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Power struggle in Taliban after Mullah Omar death

KABUL, Afghanistan - The brother of the late figurehead of the Afghan Taliban on Sunday joined a growing challenge to the extremist group's newly appointed leader, even as it offered a statement purportedly quoting a well-known militant supporting him.

Mullah Abdul Manan, the brother of the late Mullah Mohammad Omar, told The Associated Press that new Taliban leader Mullah Akhtar Mohammad Mansoor was "selected" by a small clique of his own supporters. That comes after Mullah Omar's son, Yacoub, also warned Mansoor didn't have the support of the wider Taliban.

What does Mullah Omar’s death mean for the Taliban?

With both men demanding a new vote, that could throw the leadership of the Taliban into greater disarray as it weighs whether to resume fledgling peace talks with the Afghan government or continue its bloody, nearly 14-year insurgency.

"I stand with my nephew," Manan said. "There should be a (grand council) so everyone has a chance to choose their own leader. I do not accept this selection of Mullah Akhtar Mansoor because only a few chose him."

CBS News senior national security analyst Juan Zarate said the struggle at the top of the Taliban could be reflective of a few things.

"Some of the leadership wanted to see Mullah Omar's son take over. So part of this is personality," he said. "Part of this has to do with lack of faith in the leadership of Mullah Mansour -- perhaps [he's] not as capable or charismatic or as influential, obviously, as Mullah Omar. Part of this has to do with the fact that Mullah Mansour does want to negotiate, or appears to be in favor of negotiation, whereas others in the Taliban leadership do not."

It's tough to gauge how the divisions among the Taliban could affect the peace talks with the new Afghan government, Zarate said.

A man believed to be deputy Afghan Taliban leader Akhtar Muhammad Mansor is seen in an undated photo
A man believed to be deputy Afghan Taliban leader Akhtar Muhammad Mansour is seen in an undated photo. CBS

"I think talks will continue," he said. "If Mullah Mansour is able to ensconce his role as leader of the group, he will bring people to the table. Whether or not that means there can be a sustainable deal, and whether or not [other elements] of the Taliban network...follow along is a bigger question."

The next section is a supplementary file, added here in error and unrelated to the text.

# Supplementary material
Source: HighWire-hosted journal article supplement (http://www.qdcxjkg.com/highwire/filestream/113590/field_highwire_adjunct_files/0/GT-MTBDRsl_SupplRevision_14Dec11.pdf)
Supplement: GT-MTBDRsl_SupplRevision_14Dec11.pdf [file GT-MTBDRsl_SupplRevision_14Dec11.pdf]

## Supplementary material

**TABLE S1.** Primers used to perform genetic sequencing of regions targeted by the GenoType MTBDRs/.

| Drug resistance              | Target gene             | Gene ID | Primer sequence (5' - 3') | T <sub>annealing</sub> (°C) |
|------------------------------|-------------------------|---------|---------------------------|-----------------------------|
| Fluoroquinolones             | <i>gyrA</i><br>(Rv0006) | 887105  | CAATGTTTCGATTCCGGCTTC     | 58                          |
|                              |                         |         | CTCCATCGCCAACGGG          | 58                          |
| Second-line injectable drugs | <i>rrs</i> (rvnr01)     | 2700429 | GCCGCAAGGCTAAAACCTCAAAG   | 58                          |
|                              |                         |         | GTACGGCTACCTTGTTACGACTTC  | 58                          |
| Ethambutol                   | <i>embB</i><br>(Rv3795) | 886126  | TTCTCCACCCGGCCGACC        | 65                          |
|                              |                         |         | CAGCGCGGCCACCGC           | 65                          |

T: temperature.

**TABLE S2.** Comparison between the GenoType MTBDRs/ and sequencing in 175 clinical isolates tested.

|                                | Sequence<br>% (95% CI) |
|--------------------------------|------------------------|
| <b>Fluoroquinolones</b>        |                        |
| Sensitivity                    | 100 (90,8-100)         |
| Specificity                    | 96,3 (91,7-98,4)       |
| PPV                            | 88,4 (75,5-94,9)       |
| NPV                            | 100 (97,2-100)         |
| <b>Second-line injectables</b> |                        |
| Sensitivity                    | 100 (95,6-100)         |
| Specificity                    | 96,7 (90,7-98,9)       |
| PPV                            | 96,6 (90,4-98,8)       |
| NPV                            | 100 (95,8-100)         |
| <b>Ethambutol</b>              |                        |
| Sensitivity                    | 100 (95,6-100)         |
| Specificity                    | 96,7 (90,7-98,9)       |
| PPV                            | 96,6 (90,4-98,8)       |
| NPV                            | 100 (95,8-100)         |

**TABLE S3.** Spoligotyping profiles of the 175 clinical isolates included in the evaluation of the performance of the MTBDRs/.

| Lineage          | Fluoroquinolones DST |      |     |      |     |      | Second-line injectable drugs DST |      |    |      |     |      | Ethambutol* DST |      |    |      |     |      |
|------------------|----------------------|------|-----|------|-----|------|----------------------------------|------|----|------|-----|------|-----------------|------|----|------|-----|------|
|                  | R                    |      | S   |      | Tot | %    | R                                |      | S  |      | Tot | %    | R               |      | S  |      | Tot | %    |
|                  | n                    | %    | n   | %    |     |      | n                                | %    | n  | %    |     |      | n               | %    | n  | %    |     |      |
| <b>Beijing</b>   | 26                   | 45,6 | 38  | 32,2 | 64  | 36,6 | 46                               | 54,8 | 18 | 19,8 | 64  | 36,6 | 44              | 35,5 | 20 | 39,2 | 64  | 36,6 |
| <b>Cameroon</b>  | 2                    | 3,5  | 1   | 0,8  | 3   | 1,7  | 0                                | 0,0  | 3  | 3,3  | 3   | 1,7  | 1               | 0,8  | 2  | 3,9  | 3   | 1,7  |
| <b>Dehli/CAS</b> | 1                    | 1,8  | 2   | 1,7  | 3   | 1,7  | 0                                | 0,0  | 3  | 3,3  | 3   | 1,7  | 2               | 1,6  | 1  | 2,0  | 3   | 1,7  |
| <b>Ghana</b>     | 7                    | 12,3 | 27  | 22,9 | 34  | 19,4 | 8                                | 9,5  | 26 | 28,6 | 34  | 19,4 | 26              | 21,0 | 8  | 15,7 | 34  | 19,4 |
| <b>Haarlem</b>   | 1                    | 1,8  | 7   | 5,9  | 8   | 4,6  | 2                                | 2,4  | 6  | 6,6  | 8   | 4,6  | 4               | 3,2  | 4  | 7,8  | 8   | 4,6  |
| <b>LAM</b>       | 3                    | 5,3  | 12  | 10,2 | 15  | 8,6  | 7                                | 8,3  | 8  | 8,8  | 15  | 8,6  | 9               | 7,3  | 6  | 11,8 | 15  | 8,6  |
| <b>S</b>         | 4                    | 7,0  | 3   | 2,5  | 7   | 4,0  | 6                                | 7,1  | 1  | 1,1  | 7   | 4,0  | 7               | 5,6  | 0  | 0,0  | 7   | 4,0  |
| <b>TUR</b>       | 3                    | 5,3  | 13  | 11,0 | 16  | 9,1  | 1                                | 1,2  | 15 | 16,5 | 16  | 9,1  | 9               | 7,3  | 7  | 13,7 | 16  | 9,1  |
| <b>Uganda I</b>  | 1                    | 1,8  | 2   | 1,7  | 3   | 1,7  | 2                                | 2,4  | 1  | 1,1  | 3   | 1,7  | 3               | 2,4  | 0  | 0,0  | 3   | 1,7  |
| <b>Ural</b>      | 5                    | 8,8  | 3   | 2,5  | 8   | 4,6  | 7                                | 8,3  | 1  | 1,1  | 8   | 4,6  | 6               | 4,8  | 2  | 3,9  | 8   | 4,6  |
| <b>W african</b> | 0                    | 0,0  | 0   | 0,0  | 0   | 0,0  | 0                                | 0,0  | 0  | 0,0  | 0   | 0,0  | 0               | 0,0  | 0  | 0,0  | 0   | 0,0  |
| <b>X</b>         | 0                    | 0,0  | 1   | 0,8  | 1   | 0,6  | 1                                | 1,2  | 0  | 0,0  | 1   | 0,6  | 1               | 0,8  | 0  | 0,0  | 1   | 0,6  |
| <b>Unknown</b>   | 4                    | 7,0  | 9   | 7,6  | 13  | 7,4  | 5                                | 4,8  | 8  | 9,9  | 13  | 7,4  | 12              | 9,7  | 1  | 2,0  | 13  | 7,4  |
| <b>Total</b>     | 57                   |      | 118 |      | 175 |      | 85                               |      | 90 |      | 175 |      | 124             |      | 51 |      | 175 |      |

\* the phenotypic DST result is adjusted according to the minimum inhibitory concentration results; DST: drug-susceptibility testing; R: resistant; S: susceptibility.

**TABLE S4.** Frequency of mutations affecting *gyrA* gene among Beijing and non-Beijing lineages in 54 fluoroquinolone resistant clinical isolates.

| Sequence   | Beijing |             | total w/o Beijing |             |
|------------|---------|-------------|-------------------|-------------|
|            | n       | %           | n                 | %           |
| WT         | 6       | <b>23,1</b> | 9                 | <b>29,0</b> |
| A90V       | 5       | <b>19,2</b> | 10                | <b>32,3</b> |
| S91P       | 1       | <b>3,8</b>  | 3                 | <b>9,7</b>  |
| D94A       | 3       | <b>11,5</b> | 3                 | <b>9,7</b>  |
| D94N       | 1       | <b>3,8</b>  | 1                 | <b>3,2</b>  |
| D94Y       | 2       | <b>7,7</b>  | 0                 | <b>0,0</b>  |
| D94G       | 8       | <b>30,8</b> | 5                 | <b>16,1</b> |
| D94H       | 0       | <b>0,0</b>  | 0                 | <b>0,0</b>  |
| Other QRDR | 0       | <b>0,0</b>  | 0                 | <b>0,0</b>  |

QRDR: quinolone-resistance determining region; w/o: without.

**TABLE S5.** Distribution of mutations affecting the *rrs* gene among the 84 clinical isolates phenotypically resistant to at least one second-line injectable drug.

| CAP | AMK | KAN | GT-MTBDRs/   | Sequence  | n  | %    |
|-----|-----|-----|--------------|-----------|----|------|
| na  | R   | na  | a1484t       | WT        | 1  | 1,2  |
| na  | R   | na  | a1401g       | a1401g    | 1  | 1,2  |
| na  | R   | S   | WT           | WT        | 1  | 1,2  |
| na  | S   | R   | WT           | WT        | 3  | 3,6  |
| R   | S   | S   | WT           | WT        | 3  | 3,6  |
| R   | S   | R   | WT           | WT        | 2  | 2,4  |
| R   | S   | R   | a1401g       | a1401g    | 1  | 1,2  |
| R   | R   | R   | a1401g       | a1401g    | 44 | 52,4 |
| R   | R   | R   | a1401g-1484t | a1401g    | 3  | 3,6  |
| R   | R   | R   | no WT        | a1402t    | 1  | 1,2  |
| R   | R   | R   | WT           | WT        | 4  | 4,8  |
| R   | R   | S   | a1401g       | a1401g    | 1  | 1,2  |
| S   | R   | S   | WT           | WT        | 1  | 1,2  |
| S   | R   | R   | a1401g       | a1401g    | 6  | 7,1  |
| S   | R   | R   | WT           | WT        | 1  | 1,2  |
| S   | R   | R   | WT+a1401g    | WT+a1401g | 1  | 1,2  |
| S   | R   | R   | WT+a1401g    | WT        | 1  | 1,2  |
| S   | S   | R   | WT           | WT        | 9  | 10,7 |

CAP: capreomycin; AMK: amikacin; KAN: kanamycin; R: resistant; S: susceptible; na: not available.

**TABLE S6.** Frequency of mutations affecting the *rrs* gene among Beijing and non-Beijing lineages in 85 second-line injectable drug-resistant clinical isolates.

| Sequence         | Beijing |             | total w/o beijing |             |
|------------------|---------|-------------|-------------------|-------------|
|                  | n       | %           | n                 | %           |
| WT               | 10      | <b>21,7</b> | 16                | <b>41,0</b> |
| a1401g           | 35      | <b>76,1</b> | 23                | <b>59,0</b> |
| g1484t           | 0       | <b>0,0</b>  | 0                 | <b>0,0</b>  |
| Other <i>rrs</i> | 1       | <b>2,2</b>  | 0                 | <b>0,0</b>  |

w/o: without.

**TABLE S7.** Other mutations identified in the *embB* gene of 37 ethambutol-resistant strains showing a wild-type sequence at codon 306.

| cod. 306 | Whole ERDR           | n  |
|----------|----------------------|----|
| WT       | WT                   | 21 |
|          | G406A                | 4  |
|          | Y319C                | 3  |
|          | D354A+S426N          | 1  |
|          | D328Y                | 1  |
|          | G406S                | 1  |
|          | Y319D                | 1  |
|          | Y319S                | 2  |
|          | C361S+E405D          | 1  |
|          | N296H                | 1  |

The Taliban announced Mansoor as their new leader on Thursday and released a purported audio statement from him on Saturday in which he called for unity in the Taliban. That comes after Afghan officials said Mullah Omar died in April 2013 and Taliban officials acknowledged his death.

On Sunday, the Taliban issued a written statement purportedly quoting Jalaluddin Haqqani, the leader of the notoriously brutal Haqqani insurgent group, in an effort to quell rumors about his death and further support Mansoor.

The statement, posted to the Taliban's website, quoted Haqqani mourning the loss of Mullah Omar. It said Haqqani backed Mansoor as the Taliban's leader.

"My particular recommendation to all members of the Islamic Emirate is to maintain their internal unity and discipline," the statement quotes Haqqani as saying, using the Taliban's name for Afghanistan. The statement added Haqqani said followers should not be deceived by enemy propaganda.

Taliban leader Mullah Omar reported dead

Haqqani is the leader of the Haqqani Network, a terrorist group based in Pakistan's lawless tribal areas that is believed to have conducted many bloody attacks inside Afghanistan. While it rarely claims responsibility for its attacks, they are usually identifiable by their use of complex tactics, like a large number of assailants including suicide bombers. Haqqani's son was named as a deputy of Mansoor in earlier Taliban statements.

Rumors of Haqqani's death have circulated and been denied by militants for the past year.

If Mansoor fails to appease Taliban fighters and field commanders on the ground, the ultimate beneficiary could be the Islamic State of Iraq and Syria. The rival Islamic extremist group, which already controls about a third of Syria and Iraq with affiliates in Egypt and Libya, has established a small foothold in Afghanistan and is actively recruiting disillusioned Taliban fighters.

Meanwhile, as Taliban representatives have attended peace talks with Afghan government officials, the extremists have intensified their attacks on local security forces after NATO and U.S. troops ended their combat mission at the end of last year.

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